The outcome will be proposals for entirely new approaches, along with options for the abolition of existing processes, services, organisations, systems and roles. They will not result in technical solutions that deliver only incremental improvements. Neither should they be conducted as a one-off exercise, but run as a series of continuing radical challenges to the status quo.

developing new business models requires a much broader scope

Figure 3: Developing new business models requires a much broader scope

This is not about a return to failed approaches – big bang complexity and the boiling of oceans. We should heed the lessons of what works – start small, map the landscape, gather data, explore options, work in the open, iterate ideas and let them grow. Transformational ideas should be tested with legislators, policymakers, technologists and users – gathering feedback and making improvements. That way, we can escape the false polarisation between “making it up as you go” and “making it up before you start”.

Delivering true transformation

Government needs to stop using “transformation” as a marketing slogan for timid, but over-hyped, efforts to automate and optimise services delivered via the web. Transformation requires a fundamental rethink of the way that technology and policy can together deliver government objectives. Agile programmes will only deliver their true potential when they are liberated from their current constraints at the back end of waterfall government.

A programme of rolling transformation bootcamps is a missing piece of the jigsaw. These will help government discover the alternative business models it has been seeking for decades. They offer a route to drawing the best of the private sector approach to technology into government.

The successes of Airbnb, Amazon and Netflix were premised upon ruthless questioning of how outcomes are best delivered. These companies rethought business models from scratch. Not one of them delivered digital transformation simply by launching a website to “better meet user needs”.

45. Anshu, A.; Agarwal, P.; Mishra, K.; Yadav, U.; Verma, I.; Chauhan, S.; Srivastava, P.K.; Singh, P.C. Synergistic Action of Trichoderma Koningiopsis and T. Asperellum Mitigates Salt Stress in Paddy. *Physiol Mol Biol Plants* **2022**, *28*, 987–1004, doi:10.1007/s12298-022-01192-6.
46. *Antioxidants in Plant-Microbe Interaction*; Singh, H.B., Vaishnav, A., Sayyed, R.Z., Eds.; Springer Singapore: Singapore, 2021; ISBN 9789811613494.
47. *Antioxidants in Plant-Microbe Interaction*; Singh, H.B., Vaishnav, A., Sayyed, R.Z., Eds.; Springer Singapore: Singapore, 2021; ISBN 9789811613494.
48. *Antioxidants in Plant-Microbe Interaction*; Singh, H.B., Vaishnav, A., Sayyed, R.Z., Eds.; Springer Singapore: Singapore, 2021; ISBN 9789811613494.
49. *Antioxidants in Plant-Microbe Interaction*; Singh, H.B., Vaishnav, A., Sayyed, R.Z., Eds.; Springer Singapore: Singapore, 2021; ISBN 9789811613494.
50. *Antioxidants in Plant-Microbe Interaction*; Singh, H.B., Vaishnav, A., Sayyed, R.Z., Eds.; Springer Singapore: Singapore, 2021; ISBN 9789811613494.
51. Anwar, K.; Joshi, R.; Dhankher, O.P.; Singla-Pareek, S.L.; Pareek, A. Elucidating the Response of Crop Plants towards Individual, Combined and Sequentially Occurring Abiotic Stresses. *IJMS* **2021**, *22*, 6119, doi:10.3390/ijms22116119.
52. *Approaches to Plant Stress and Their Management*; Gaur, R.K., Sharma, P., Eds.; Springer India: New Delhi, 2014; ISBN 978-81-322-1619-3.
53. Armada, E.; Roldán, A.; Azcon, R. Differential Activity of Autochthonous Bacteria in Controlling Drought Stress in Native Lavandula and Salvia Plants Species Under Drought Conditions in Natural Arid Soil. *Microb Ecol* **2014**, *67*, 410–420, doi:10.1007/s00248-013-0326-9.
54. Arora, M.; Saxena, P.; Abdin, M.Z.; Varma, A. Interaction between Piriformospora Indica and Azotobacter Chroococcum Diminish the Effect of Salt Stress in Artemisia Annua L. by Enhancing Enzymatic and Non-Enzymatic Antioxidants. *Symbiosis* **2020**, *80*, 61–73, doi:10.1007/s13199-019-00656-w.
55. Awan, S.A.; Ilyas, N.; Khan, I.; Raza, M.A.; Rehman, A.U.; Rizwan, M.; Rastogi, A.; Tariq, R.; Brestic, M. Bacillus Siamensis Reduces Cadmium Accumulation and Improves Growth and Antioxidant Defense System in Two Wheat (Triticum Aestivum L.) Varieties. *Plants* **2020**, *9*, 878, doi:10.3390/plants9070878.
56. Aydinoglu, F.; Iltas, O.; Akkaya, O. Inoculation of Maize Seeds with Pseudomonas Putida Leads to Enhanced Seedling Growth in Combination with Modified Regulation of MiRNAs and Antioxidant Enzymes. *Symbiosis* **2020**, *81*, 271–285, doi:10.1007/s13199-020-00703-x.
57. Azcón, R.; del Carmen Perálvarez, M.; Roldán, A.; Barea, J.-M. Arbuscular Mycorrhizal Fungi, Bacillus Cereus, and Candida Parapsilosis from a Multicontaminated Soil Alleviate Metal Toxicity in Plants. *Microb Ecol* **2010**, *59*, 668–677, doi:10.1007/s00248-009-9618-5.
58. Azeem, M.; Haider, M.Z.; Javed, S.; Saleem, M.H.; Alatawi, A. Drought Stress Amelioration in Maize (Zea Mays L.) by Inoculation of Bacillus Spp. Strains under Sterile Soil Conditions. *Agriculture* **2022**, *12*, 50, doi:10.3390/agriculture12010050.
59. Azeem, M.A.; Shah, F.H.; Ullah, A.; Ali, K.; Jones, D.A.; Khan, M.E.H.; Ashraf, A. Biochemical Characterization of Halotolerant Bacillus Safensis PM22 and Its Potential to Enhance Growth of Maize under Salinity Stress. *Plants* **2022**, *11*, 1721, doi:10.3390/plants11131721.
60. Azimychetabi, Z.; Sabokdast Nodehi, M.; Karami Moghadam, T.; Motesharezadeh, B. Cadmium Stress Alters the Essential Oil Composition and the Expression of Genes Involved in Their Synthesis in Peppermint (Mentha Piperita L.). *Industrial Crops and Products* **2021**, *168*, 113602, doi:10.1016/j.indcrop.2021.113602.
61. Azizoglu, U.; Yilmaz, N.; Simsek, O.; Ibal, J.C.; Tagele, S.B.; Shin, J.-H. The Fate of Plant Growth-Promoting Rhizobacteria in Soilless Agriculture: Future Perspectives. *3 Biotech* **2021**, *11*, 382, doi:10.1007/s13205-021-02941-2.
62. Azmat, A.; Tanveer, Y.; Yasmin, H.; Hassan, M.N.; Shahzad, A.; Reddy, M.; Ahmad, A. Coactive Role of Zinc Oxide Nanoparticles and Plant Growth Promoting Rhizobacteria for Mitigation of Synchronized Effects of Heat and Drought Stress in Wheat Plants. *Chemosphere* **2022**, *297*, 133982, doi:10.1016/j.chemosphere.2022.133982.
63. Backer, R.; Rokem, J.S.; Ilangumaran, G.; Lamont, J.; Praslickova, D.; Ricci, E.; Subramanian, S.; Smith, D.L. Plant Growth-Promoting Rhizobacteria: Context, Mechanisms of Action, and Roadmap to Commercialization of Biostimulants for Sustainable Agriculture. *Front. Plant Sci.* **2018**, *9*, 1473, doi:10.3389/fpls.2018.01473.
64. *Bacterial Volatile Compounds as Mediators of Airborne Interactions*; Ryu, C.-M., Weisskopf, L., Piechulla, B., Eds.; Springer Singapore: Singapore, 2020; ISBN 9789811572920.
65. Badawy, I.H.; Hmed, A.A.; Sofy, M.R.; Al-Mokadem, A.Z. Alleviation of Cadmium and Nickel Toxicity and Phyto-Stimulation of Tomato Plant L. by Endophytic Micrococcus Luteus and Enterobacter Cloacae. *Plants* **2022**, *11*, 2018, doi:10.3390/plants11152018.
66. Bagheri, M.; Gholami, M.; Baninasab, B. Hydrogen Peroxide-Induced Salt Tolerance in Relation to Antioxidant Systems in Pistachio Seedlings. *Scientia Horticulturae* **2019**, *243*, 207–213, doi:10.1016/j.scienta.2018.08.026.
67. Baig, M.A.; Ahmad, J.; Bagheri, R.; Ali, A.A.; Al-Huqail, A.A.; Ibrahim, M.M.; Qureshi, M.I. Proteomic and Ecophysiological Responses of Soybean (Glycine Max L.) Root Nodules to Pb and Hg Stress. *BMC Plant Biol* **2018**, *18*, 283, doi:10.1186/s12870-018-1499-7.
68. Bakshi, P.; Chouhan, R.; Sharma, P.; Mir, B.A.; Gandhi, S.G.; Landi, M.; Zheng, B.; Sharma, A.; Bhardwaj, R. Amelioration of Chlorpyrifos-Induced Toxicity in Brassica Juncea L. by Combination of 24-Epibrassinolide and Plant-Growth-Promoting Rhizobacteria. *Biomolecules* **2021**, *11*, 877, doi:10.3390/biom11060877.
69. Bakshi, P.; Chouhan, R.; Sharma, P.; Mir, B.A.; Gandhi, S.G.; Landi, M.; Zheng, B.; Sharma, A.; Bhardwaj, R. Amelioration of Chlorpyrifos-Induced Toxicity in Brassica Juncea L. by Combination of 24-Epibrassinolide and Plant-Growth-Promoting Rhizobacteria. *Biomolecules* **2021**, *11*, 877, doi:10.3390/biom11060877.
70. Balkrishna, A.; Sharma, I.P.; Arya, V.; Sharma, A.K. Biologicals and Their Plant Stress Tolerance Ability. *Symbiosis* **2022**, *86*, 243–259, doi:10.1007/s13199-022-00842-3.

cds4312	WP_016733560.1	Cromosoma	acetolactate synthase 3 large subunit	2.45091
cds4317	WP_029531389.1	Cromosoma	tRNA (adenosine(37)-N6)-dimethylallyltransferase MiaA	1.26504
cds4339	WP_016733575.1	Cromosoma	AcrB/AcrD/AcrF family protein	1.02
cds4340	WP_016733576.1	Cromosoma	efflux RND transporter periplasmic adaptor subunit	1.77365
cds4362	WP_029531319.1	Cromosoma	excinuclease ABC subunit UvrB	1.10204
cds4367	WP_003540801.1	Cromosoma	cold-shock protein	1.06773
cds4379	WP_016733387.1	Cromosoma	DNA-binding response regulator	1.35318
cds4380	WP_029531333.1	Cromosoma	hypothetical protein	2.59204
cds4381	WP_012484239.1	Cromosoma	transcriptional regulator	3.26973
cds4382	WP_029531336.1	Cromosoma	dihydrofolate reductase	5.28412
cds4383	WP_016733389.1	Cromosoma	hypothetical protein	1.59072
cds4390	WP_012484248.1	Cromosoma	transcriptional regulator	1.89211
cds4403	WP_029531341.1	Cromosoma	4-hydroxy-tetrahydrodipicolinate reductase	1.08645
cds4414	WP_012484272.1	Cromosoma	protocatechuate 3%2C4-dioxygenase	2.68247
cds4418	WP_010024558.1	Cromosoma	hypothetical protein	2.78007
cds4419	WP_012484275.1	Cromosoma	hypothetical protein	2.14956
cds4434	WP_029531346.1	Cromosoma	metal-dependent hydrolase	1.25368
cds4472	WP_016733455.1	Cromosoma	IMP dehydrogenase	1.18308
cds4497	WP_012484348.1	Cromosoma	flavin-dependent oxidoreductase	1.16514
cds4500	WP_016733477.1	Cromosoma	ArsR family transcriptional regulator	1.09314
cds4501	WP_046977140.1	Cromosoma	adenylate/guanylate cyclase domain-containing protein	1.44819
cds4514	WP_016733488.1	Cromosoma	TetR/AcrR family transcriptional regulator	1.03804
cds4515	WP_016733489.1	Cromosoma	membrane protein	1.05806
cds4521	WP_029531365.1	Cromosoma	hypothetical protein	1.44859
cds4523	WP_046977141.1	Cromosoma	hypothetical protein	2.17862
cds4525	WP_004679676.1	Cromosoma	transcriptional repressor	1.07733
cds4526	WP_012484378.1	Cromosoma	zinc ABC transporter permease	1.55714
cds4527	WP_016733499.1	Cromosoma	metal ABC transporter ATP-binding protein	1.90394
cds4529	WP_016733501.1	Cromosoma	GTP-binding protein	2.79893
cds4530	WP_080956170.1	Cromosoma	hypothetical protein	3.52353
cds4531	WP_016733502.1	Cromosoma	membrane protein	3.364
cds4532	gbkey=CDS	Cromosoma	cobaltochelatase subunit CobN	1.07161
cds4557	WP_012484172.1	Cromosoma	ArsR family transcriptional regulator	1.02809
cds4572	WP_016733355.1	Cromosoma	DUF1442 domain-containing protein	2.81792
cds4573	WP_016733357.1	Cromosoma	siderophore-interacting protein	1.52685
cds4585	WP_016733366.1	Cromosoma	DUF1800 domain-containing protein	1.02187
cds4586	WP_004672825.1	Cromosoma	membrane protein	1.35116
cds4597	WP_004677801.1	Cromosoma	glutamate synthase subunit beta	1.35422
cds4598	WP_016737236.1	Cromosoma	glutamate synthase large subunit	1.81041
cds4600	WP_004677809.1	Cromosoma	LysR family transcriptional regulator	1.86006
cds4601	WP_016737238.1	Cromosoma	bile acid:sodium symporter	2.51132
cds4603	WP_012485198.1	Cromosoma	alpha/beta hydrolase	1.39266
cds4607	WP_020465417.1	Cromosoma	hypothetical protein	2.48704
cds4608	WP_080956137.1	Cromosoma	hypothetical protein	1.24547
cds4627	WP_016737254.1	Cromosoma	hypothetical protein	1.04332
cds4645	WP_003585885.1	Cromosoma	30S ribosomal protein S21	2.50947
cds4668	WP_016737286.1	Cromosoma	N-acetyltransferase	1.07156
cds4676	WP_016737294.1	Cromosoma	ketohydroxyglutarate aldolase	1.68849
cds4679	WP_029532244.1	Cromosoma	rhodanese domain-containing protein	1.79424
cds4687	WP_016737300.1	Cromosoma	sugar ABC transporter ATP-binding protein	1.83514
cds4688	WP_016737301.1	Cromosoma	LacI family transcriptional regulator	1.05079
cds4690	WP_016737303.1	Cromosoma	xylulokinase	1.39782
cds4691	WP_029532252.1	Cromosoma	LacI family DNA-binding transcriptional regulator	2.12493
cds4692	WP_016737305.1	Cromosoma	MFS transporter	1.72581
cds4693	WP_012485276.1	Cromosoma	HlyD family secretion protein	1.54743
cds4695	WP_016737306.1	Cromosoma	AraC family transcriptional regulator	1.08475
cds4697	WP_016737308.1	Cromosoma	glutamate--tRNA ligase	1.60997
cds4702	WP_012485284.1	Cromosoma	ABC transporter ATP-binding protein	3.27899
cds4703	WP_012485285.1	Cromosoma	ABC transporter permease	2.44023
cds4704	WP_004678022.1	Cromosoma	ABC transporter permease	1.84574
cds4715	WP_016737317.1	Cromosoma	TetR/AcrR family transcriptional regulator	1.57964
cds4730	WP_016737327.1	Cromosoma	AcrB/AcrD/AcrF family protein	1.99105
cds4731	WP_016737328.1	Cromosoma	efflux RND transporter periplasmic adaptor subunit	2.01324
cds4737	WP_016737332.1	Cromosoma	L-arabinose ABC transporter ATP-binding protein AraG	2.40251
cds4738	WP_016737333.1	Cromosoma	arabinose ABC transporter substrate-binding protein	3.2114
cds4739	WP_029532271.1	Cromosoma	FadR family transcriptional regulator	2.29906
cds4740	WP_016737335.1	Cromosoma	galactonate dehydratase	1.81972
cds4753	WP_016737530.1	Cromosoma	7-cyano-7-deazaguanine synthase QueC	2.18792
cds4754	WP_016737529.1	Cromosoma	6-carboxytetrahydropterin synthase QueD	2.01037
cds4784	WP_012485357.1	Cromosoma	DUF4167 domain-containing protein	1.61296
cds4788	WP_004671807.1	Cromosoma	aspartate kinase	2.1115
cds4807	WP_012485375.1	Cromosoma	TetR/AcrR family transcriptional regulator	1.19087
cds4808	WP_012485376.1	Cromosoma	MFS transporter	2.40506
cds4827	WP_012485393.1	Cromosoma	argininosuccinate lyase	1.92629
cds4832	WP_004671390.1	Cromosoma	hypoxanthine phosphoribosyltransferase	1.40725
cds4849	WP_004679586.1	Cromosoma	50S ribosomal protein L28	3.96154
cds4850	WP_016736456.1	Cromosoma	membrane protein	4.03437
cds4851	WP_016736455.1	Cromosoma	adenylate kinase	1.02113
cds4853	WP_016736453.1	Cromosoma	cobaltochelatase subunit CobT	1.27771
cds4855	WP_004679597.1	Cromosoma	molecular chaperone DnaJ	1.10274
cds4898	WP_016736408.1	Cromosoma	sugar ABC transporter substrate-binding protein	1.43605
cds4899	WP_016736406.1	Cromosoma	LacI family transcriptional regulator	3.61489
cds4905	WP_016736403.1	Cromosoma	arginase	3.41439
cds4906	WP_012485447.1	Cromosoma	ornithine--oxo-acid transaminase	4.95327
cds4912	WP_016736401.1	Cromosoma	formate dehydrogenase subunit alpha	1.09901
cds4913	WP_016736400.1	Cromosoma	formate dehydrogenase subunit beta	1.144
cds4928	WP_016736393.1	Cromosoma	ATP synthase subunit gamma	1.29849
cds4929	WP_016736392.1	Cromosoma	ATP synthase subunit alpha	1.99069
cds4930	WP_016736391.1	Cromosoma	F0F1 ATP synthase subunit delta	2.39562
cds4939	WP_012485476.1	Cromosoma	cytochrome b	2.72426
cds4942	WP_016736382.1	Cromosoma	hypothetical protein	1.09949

Conclusion

Twenty years of efforts to achieve “digital transformation” have delivered little beyond successive generations of award-winning websites. Supposedly “radical” approaches to transformation instead merely end up using technology to polish and optimise the current way of doing things. Recent efforts to slay the bogeyman of waterfall project management have unwittingly played into the hands of the conservative forces that reject transformation entirely, and left agile sidelined in a harmless sandpit.

It is not waterfall methods that have blocked digital transformation – it is waterfall government. The solution lies in returning to first principles and exploring new models for delivery of policy objectives – well before the recruitment of scrum teams diverts energies into the delivery of another website. Transformation bootcamps are an essential, missing piece of the jigsaw. Until they are put in place, government’s attempts at transformation will continue to apply colourful, but ultimately pointless, layers of lipstick.

 Jerry FishendenJerry Fishenden is an independent technologist working with a range of clients. He has been CTO for Microsoft UK, the City of London financial regulator, the UK parliament and the National Health Service. He is also co-author of the business title “Digitizing government: understanding and implementing new digital business models”.

Cassian Young

 

Cassian Young is an independent consultant specialising in digital strategy and digital transformation. He has worked for the Cabinet Office on a number of departmental transformation programmes.

This was last published in March 2017

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An excellent article. Digital Transformation is a lot more than channel shift. See also http://blog.siliconglen.com/2016/03/government-digital-service-reboot.html on similar lines. "The ideal service is one I don't need to use at all." and " Just doing it at the digital level is missing the point. Legislation is too complex. Services are too complex. Simplifying it at the digital level is not feeding back to government to optimise the root cause of the complexity."